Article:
Time Out Singapore: History of Queenstown

We dug up our history textbooks and found out some Queenstown ‘firsts’.

Old photo of Block 39 Princess Estate - aka Forfar House.

Old photo of Block 39 Princess Estate – aka Forfar House.

10 Sep 2013:

First HDB blocks

Built in 1956, Block 39 of the Princess Estate – also known as Forfar House – featured 106 units across 14 floors. It was the tallest public housing block at the time (until a 20-storey block was built in Selegie in 1963).The iconic building was designed to look pretty as well as reduce wind pressure at the same time. It was demolished in 1996 and Forfar Heights now stands in its place. Queenstown was also home to the first multi-coloured ‘aesthetic’ HDB blocks, built in 1973.

First branch library

Queenstown Public Library officially opened in 1970 and was the first full-time branchlibraryinthecountry.Eightyears later,itwasthefirstlibrarytobefullyair- conditioned, and in 1987, it also became the first library to have an online service. The two-storey standalone building was refurbished in 2003, expanding the building’s area by almost three times.

First school for students with special needs

The Lee Kong Chian Gardens School evolved from an institute set up by the Movement for the Intellectually Disabled of Singapore (MINDS), and was officially founded in 1970 for students with special needs. Today,the school provides all four Special Education (SPED) programmes for its 350 pupils.

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Time Out Singapore: ‘My Queenstown Festival’ Preview

As Queenstown district turns 60 this September, Gwen Pew recounts the area’s vibrant history and checks out what you can learn from the My Queenstown Festival.

A sketch of the former Margaret Drive Hawker Centre by Urban Sketchers' Tia Boon Sim. Image courtesy of the artist and Epigram Books.

A sketch of the former Margaret Drive Hawker Centre by Urban Sketchers’ Tia Boon Sim. Image courtesy of the artist and Epigram Books.

10 Sep 2013: Once an idyllic village called Boh Beh Kang – meaning ‘the endless river’ because locals couldn’t determine its source – the area that became modern day Queenstown lay in a swampy valley between two hills and used to be home to about 350 Hokkien- and Teochew-speaking immigrant families. The villagers were forced to move out in the 1960s, however, as the British government made plans for the district to be developed into a self-sustaining town to help alleviate the number of people living in cramped conditions around Chinatown (as part of the Singapore Improvement Trust during that era).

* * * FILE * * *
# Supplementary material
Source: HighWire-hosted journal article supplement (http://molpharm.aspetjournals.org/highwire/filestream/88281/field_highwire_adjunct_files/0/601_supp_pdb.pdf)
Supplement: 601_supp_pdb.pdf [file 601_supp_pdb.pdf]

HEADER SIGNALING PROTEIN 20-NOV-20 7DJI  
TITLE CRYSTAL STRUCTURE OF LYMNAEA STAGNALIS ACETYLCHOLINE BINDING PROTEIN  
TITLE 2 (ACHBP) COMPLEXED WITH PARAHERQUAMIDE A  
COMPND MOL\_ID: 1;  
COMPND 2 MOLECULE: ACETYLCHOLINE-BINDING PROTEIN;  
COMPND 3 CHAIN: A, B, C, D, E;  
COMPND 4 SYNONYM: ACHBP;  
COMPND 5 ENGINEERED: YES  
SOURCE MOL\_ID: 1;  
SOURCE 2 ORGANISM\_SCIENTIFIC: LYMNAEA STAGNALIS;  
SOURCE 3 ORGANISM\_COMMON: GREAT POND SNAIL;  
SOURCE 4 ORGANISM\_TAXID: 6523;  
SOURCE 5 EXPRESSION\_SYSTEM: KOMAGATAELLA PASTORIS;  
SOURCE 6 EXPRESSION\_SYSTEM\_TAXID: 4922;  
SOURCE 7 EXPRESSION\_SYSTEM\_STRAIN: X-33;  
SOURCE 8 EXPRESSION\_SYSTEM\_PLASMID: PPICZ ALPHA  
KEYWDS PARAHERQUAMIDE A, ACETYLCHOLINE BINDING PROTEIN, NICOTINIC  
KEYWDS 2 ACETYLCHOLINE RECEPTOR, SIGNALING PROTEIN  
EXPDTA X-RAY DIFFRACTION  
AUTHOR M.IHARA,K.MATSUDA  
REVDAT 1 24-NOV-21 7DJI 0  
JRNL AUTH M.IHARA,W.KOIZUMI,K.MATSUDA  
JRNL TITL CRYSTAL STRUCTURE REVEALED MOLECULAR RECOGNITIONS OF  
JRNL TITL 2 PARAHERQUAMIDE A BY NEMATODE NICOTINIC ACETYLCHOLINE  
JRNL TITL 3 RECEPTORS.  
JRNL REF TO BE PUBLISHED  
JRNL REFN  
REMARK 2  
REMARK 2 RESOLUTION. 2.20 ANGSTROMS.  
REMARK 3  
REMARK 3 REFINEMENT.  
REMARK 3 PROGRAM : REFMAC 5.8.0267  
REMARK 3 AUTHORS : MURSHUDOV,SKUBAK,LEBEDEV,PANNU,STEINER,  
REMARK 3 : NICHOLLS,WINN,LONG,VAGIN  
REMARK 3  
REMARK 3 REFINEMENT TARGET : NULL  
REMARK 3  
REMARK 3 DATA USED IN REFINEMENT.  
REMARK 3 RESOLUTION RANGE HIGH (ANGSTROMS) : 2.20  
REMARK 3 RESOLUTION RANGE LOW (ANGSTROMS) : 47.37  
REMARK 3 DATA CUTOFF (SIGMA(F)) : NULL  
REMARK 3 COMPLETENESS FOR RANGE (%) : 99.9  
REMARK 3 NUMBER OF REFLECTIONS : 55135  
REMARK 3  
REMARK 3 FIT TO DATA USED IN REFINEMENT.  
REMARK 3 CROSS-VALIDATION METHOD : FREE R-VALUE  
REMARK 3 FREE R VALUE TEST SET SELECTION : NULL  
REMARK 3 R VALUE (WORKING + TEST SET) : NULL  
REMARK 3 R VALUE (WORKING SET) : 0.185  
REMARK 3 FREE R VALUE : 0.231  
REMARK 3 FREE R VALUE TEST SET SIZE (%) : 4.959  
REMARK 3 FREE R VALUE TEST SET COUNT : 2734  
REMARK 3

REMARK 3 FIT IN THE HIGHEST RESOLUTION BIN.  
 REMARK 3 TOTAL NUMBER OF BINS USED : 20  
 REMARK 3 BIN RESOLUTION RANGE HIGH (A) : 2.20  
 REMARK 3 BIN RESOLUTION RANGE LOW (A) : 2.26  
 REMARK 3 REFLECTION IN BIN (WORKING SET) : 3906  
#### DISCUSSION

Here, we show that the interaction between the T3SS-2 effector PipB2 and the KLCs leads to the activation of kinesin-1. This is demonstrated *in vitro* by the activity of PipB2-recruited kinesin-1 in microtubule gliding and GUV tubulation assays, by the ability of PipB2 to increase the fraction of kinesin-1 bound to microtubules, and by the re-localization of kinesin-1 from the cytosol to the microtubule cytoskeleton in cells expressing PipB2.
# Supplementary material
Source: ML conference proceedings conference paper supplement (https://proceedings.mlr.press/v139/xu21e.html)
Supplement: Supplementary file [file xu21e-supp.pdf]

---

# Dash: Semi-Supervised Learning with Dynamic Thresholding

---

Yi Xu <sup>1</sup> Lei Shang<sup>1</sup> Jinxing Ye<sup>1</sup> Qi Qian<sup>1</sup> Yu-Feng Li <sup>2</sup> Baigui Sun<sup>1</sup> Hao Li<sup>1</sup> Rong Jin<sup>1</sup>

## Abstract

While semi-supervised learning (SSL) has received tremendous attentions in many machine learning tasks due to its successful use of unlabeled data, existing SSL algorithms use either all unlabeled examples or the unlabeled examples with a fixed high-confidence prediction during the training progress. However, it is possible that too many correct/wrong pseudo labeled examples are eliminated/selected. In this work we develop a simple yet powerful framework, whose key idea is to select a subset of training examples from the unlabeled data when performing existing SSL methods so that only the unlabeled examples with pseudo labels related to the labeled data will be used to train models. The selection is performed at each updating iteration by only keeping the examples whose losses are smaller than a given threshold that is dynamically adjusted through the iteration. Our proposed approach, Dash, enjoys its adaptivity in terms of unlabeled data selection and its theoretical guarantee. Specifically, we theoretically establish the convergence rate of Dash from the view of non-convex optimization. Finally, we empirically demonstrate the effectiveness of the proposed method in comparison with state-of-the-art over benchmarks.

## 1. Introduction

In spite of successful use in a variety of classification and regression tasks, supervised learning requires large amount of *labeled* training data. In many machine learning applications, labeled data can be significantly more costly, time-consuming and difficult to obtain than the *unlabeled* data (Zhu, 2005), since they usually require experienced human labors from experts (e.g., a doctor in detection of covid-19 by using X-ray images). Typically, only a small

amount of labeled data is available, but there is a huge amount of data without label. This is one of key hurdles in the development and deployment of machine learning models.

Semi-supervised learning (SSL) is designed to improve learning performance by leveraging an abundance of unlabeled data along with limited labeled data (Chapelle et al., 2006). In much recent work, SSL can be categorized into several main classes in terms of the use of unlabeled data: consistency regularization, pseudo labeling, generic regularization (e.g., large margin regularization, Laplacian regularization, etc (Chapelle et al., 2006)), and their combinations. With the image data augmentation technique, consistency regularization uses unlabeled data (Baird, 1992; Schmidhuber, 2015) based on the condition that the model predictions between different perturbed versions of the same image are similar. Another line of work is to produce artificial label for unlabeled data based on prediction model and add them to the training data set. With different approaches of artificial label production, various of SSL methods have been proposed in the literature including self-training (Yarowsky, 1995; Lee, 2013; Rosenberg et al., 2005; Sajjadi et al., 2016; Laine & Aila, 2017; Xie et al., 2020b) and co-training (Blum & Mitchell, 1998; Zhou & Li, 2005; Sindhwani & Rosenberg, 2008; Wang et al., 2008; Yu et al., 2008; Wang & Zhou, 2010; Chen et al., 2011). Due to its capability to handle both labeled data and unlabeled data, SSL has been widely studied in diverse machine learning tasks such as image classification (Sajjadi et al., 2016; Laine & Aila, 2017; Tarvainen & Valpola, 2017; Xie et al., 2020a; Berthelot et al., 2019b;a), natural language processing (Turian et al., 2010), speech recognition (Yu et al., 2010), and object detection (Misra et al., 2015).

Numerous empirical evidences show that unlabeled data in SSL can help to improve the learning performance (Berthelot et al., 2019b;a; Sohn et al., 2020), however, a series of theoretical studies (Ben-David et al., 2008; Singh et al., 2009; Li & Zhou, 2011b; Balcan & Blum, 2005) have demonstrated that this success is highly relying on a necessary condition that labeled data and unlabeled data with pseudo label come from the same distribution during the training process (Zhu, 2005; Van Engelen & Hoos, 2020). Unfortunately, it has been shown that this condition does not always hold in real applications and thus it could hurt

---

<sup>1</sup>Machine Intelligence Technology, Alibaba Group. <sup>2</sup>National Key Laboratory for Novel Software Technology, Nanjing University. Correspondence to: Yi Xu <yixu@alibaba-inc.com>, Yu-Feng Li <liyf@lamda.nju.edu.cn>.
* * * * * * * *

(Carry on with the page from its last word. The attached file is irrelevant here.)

The name Queenstown was chosen in 1953 in honour of Queen Elizabeth II’s coronation, and the Princess Margaret Estate (also known as Strathmore and Dawson) was completed in 1956. Schools, police stations, hospitals, sports complexes and other social facilities were soon built, and the town went down in history as the first satellite estate in Singapore. While its heyday has passed and many of its iconic buildings and structures have now been demolished – the derelict Queenstown Cinema and Bowling Alley was torn down this June – residents with fond memories of the district will nonetheless be commemorating its diamond jubilee this month. A number of performances, parades and other activities will be taking place over two weeks, but first, here are four other things that you’ll be learning about at My Queenstown Festival.

Bukit Ho Swee Fire Exhibition

31 Aug-30 Sep
On the afternoon of 25 May 1961, what has been deemed Singapore’s deadliest fire broke out in the Bukit Ho Swee settlement. It claimed four lives, injured more than 80 people and destroyed some 16,000 homes. In this exhibition, visitors will be able to read more about the details of the fire, as well as the relief and relocation efforts that took place afterwards. Photographs, fire fighting tools, a recreation of a burnt housing structure and other artefacts will also be shown.

Queenstown Community Centre Concourse 365 Commonwealth Ave.

Romance, Hopes and Dreams

13-29 Sep
Marriage ceremonies have always been an elaborate affair for everyone involved. In this exhibition, visitors can learn more about the traditional customs practised by the various communities in Singapore’s multi- cultural society and find out the differences and similarities between Malay, Chinese, Indian and Eurasian weddings.

Dawson Place Shopping Centre 57 Dawson Rd.

Tales from our Shores

13-29 Sep
Ever wonder how Redhill got its name? Hint: it has to do with the blood of a clever young boy who helped keep out aggressive swordfish from the area (and no, it wasn’t the fish that killed him). Find out the full story and more about legends surrounding other areas of the town in this exhibition. Other characters include the two sisters whom Sisters’ Island is named after and a slave who rose to become the commander of the King’s army – there’s plenty here to let your imagination take flight as you pass these places on your daily MRT ride.

Mei Chin Market and Food Centre Blk 159, Mei Chin Rd.

Urban Sketchers

13-29 Sep
Local art group Urban Sketchers – most well-known for their beautiful ‘We Love…’ book series – capture their memories of Queenstown with pen and paper. Their masterpieces, which depict places such as Queenstown Library and the former Margaret Drive Hawker Centre, will be on display to bring these demolished buildings back to life, along with additional historic images. Their newest title, ‘We Love Queenstown’, came out at the end of last month.

Queenstown Community Centre Concourse 365 Commonwealth Ave.